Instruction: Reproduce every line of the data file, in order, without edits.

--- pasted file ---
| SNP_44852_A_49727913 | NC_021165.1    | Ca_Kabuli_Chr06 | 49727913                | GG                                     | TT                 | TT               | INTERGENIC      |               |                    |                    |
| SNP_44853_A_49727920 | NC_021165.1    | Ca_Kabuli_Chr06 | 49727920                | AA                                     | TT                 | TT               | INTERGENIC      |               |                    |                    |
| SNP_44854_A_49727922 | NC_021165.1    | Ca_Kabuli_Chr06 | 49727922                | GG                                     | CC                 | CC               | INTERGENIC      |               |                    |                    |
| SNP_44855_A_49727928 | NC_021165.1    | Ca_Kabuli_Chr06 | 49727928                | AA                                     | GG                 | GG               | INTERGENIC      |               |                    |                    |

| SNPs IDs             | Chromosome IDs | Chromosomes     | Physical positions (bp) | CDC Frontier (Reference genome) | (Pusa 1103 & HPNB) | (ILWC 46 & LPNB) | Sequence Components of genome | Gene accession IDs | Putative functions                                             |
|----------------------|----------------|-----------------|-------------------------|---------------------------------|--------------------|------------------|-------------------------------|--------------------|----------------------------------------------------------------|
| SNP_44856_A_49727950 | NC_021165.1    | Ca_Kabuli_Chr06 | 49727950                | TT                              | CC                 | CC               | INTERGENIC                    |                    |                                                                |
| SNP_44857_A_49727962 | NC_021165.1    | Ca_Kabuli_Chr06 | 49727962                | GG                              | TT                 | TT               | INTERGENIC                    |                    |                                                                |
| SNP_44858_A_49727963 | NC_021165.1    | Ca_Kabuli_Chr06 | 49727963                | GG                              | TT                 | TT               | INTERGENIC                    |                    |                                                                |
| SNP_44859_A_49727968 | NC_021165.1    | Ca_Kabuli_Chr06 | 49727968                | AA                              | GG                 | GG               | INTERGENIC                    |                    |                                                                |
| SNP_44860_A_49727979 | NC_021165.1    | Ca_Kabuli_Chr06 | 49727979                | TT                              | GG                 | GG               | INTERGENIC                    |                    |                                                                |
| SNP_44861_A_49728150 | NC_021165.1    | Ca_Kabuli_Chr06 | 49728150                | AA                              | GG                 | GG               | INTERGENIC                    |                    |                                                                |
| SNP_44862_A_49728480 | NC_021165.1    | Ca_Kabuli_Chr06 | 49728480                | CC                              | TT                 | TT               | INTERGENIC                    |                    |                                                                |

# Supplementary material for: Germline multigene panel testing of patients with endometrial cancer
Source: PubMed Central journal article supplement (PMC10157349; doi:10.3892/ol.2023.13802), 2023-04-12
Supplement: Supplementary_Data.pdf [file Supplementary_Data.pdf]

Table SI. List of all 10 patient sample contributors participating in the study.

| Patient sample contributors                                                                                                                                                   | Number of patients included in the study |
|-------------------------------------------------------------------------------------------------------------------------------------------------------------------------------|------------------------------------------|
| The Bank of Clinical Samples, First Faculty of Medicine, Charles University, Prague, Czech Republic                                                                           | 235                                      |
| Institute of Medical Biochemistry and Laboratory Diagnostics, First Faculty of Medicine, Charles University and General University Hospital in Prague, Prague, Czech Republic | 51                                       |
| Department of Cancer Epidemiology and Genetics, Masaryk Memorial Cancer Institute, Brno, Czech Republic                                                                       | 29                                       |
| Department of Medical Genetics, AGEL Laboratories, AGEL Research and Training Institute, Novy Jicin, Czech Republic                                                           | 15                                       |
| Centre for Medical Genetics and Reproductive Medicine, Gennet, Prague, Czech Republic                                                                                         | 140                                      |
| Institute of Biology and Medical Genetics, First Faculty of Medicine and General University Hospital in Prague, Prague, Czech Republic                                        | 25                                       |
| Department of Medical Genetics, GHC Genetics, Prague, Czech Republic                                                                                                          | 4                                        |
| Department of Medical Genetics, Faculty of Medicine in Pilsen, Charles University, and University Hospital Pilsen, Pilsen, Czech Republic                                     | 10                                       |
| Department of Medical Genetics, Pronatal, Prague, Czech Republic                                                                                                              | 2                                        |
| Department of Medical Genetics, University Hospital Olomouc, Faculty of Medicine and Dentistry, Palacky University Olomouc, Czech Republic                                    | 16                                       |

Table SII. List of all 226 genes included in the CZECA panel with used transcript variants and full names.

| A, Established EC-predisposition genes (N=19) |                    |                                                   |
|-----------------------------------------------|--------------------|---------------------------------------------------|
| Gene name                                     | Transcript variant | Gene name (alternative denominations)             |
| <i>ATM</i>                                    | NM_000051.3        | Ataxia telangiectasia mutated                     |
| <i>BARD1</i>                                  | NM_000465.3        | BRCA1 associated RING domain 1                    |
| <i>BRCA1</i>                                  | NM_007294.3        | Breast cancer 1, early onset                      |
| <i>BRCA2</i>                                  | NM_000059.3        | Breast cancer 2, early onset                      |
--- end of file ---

| SNP_44852_A_49727913 | NC_021165.1    | Ca_Kabuli_Chr06 | 49727913                | GG                                     | TT                 | TT               | INTERGENIC      |               |                    |                    |
| SNP_44853_A_49727920 | NC_021165.1    | Ca_Kabuli_Chr06 | 49727920                | AA                                     | TT                 | TT               | INTERGENIC      |               |                    |                    |
| SNP_44854_A_49727922 | NC_021165.1    | Ca_Kabuli_Chr06 | 49727922                | GG                                     | CC                 | CC               | INTERGENIC      |               |                    |                    |
| SNP_44855_A_49727928 | NC_021165.1    | Ca_Kabuli_Chr06 | 49727928                | AA                                     | GG                 | GG               | INTERGENIC      |               |                    |                    |

| SNPs IDs             | Chromosome IDs | Chromosomes     | Physical positions (bp) | CDC Frontier (Reference genome) | (Pusa 1103 & HPNB) | (ILWC 46 & LPNB) | Sequence Components of genome | Gene accession IDs | Putative functions                                             |
|----------------------|----------------|-----------------|-------------------------|---------------------------------|--------------------|------------------|-------------------------------|--------------------|----------------------------------------------------------------|
| SNP_44856_A_49727950 | NC_021165.1    | Ca_Kabuli_Chr06 | 49727950                | TT                              | CC                 | CC               | INTERGENIC                    |                    |                                                                |
| SNP_44857_A_49727962 | NC_021165.1    | Ca_Kabuli_Chr06 | 49727962                | GG                              | TT                 | TT               | INTERGENIC                    |                    |                                                                |
| SNP_44858_A_49727963 | NC_021165.1    | Ca_Kabuli_Chr06 | 49727963                | GG                              | TT                 | TT               | INTERGENIC                    |                    |                                                                |
| SNP_44859_A_49727968 | NC_021165.1    | Ca_Kabuli_Chr06 | 49727968                | AA                              | GG                 | GG               | INTERGENIC                    |                    |                                                                |
| SNP_44860_A_49727979 | NC_021165.1    | Ca_Kabuli_Chr06 | 49727979                | TT                              | GG                 | GG               | INTERGENIC                    |                    |                                                                |
| SNP_44861_A_49728150 | NC_021165.1    | Ca_Kabuli_Chr06 | 49728150                | AA                              | GG                 | GG               | INTERGENIC                    |                    |                                                                |
| SNP_44862_A_49728480 | NC_021165.1    | Ca_Kabuli_Chr06 | 49728480                | CC                              | TT                 | TT               | INTERGENIC                    |                    |                                                                |

# Supplementary material for: Germline multigene panel testing of patients with endometrial cancer
Source: PubMed Central journal article supplement (PMC10157349; doi:10.3892/ol.2023.13802), 2023-04-12
Supplement: Supplementary_Data.pdf [file Supplementary_Data.pdf]

Table SI. List of all 10 patient sample contributors participating in the study.

| Patient sample contributors                                                                                                                                                   | Number of patients included in the study |
|-------------------------------------------------------------------------------------------------------------------------------------------------------------------------------|------------------------------------------|
| The Bank of Clinical Samples, First Faculty of Medicine, Charles University, Prague, Czech Republic                                                                           | 235                                      |
| Institute of Medical Biochemistry and Laboratory Diagnostics, First Faculty of Medicine, Charles University and General University Hospital in Prague, Prague, Czech Republic | 51                                       |
| Department of Cancer Epidemiology and Genetics, Masaryk Memorial Cancer Institute, Brno, Czech Republic                                                                       | 29                                       |
| Department of Medical Genetics, AGEL Laboratories, AGEL Research and Training Institute, Novy Jicin, Czech Republic                                                           | 15                                       |
| Centre for Medical Genetics and Reproductive Medicine, Gennet, Prague, Czech Republic                                                                                         | 140                                      |
| Institute of Biology and Medical Genetics, First Faculty of Medicine and General University Hospital in Prague, Prague, Czech Republic                                        | 25                                       |
| Department of Medical Genetics, GHC Genetics, Prague, Czech Republic                                                                                                          | 4                                        |
| Department of Medical Genetics, Faculty of Medicine in Pilsen, Charles University, and University Hospital Pilsen, Pilsen, Czech Republic                                     | 10                                       |
| Department of Medical Genetics, Pronatal, Prague, Czech Republic                                                                                                              | 2                                        |
| Department of Medical Genetics, University Hospital Olomouc, Faculty of Medicine and Dentistry, Palacky University Olomouc, Czech Republic                                    | 16                                       |

Table SII. List of all 226 genes included in the CZECA panel with used transcript variants and full names.

| A, Established EC-predisposition genes (N=19) |                    |                                                   |
|-----------------------------------------------|--------------------|---------------------------------------------------|
| Gene name                                     | Transcript variant | Gene name (alternative denominations)             |
| <i>ATM</i>                                    | NM_000051.3        | Ataxia telangiectasia mutated                     |
| <i>BARD1</i>                                  | NM_000465.3        | BRCA1 associated RING domain 1                    |
| <i>BRCA1</i>                                  | NM_007294.3        | Breast cancer 1, early onset                      |
| <i>BRCA2</i>                                  | NM_000059.3        | Breast cancer 2, early onset                      |